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My first of three essays on Latin American Cinema. I analyze the films of Patricio Guzman: The Battle of Chile and Obstinate Memory.
Author: Alberto D’Onofrio
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Ignacio, an eighty-year-old man, sits at his piano and performs a melancholic composition that appropriately acts as a diagetic soundtrack to the film Obstinate Memory, a 1997 film directed by Patricio Guzman. The filmmaker asks the man, “What does remembering mean to you?” and he replies, “Remembering is returning to the past… you see the past as it was”. Ignacio refers to the events chronicled in Guzman’s three-part documentary The Battle of Chile. Returning to the past is not only significant to Obstinate Memory but also a reference to Latin American Cinema as its origin reigns from the critical realist style of filmmaker Fernando Birri (King, 417), a style that is present in Obstinate Memory and Battle of Chile (Guzman, 1975-1978). True to John King’s explanation of Latin-American Cinema, the films have a desire to, “Explore a fractured past and imagine different futures” (King, 417) while The Battle of Chile’s cinematic sensibility and Obstinate Memory’s subjectivity challenges truth and representation as Guzman intersects fiction and documentary.
Guzman’s film, The Battle of Chile, is a documentary that incorporates fictional and cinematic sensibilities that heighten the critical-realist style of Latin American Cinema, a style that, as John King describes it, represents and encourages social change (King, 399). The political background of the film begins with the bombing of the presidential palace. This marked the end of Popular Unity, the democratically socialist government under Salvador Allended, and initiated a dictatorship (Klubock, 272). The event provoked the citizens of Chile to protest, which was effectively captured by Guzman and his crew.
The documentary aspect of the film is evident. It utilizes a cinema-verite style that was developed in the 1960’s after the innovations of transportable cameras and synchronous sound, technologies that allow a true representation of reality (Glossary, 1). The film demonstrates the ability of the handheld camera for flexible coverage as it captures the events up-close and personal. Sound technology is also visible to the viewer as the sound operator strikes the microphone to allow post-production syncing. Although this would be cut in most films, cinema verite encourages the filmmaking process and this only heightens the reality of the moments captured.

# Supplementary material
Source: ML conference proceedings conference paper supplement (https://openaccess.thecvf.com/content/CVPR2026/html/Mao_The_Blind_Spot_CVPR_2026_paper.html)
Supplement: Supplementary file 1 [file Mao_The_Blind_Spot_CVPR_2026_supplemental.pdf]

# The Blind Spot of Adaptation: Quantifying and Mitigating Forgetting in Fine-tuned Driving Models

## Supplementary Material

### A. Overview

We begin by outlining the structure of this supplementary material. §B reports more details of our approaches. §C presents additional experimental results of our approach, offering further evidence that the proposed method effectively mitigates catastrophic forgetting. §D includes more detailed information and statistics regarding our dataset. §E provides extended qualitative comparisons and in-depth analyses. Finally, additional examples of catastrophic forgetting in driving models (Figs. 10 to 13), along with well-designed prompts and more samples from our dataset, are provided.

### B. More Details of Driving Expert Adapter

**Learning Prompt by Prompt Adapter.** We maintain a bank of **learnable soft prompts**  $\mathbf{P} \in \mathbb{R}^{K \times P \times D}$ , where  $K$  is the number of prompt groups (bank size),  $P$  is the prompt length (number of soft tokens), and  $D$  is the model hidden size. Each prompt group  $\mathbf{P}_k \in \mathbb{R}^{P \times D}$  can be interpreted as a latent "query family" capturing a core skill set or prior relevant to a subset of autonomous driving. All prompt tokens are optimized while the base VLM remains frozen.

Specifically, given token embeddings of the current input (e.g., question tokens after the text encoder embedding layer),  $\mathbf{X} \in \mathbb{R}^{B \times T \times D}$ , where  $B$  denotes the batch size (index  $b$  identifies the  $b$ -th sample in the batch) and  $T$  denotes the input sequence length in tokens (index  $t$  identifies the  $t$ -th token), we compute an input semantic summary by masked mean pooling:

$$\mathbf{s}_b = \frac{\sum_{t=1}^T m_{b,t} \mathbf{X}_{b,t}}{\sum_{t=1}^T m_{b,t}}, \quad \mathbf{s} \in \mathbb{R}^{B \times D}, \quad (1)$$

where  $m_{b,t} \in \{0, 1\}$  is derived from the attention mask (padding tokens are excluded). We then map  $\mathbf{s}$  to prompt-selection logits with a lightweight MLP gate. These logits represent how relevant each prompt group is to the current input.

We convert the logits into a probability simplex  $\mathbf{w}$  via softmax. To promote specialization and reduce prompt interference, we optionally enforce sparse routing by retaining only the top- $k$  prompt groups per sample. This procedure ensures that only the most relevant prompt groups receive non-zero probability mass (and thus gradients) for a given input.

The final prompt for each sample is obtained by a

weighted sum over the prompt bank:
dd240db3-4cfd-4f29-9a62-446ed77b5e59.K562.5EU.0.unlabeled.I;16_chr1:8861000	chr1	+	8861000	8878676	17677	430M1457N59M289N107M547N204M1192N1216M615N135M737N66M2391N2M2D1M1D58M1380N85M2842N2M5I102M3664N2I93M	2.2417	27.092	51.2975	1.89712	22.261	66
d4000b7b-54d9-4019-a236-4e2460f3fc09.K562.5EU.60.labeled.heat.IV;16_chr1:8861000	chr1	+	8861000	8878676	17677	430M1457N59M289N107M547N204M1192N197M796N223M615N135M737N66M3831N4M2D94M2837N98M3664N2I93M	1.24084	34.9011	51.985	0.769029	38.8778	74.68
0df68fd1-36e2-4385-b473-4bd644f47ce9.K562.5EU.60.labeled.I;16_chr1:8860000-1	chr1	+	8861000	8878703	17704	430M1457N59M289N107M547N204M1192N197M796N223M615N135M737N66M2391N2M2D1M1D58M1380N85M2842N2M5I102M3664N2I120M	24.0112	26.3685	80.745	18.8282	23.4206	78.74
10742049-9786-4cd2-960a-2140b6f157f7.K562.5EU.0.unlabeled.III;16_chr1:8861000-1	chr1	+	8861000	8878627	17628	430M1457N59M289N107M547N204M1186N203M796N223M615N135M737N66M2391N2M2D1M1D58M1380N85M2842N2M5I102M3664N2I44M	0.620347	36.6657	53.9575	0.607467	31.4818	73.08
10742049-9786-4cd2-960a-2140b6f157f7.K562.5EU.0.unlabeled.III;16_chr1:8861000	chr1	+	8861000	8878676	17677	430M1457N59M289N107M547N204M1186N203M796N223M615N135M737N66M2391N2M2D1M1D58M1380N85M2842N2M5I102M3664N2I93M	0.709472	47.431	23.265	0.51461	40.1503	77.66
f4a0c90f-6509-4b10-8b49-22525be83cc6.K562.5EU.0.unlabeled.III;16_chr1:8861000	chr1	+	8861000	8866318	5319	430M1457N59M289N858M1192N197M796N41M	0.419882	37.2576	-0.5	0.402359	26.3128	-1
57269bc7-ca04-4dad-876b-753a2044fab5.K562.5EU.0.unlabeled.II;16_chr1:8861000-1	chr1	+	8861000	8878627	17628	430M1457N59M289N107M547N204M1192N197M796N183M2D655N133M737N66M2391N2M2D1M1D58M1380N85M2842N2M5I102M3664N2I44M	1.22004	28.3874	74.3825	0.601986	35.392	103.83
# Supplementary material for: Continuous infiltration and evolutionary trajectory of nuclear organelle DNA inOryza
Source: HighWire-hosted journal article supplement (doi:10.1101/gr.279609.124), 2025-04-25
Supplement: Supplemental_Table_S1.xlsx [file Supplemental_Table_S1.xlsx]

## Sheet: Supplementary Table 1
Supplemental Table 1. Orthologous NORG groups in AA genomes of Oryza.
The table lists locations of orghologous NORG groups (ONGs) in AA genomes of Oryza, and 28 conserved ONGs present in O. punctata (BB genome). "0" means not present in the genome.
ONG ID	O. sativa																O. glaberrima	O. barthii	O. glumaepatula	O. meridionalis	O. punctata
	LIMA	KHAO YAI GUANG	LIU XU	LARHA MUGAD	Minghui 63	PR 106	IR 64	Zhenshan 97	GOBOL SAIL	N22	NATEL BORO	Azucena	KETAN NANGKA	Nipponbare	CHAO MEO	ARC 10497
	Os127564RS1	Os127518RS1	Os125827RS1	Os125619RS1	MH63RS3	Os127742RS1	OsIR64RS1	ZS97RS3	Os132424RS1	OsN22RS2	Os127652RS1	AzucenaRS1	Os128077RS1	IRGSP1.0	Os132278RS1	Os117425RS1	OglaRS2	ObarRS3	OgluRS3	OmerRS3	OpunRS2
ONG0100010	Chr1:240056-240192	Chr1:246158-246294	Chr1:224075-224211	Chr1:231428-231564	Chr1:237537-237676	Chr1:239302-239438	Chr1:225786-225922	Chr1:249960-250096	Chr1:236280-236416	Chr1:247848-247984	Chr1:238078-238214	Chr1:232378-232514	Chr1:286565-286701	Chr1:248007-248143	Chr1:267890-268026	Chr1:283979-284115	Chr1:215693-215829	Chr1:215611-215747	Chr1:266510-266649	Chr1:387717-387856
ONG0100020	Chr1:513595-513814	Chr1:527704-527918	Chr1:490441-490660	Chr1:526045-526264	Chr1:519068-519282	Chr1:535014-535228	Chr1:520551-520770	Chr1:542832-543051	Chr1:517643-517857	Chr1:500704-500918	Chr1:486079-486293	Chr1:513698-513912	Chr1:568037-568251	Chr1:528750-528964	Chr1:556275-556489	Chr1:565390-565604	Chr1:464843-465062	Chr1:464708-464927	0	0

The advantages of transportable technology to capture live events are not only evident in the film, but also the history of its production, which is detailed in The Battle of Chile’s Press Release. Guzman explains that, “You would be sitting in a café, working on a script, and all of a sudden a group of picketing workers with red flags would pass by… How could you not film that? Why distance oneself from that reality?” (Icarus Films, 13). The small anecdote validates the reality of the film. It explains the ability to capture events that have no schedule – they can happen anywhere, anytime. Although the film is labeled as a documentary, Guzman wanted to avoid the typical, informative style of this category.
As a filmmaker who studied fiction film (Icarus Film, 14), Guzman’s The Battle of Chile offers a cinematic and fictional representation of true events. The film includes cinematic coverage of the interviews, where the focus is not solely on one person and their opinions, but also the emotions they convey. This is executed through extreme close-ups and unusual camera angles. For example, an interview includes an upset but passionate woman who is covered in extreme close-ups, a type of shot that compliments her emotions. Another interview includes a woman expressing her views with pride and confidence, hence a low-angle camera angle is used. This evokes the power and strength of the woman’s message and personality while also covering the crowd that stands strong and proudly with her. As authors Victor Wallace and John D. Barlow examine Guzman’s cinematic sensibility, it is a “Hollywood portrayal of the forces of liberty opposing those of tyranny” (Wallace and Barlow, 410). “Hollywood portrayal” is an interesting choice of words for Wallace and Barlow as it explains the fictional elements of Guzman’s coverage of the Chilean citizens. Observing reality with fictional terms, the film’s main actors are real, working class Chileans, who serve as clear protagonists to the military coup, the antagonist.
Guzman’s intention with The Battle of Chile was to make an analytical documentary that can be observed and studied by Chileans in the future (Icarus Film, 14), which supports John King’s explanation of the critical-realist style of Latin American Cinema that suggests social change. I believe that because Guzman captured the events in such a cinematic way, the power of the film is heightened which allows an effective and emotional analysis for future Chileans. Guzman’s intention became a reality when his 1997 film Obstinate Memory was released.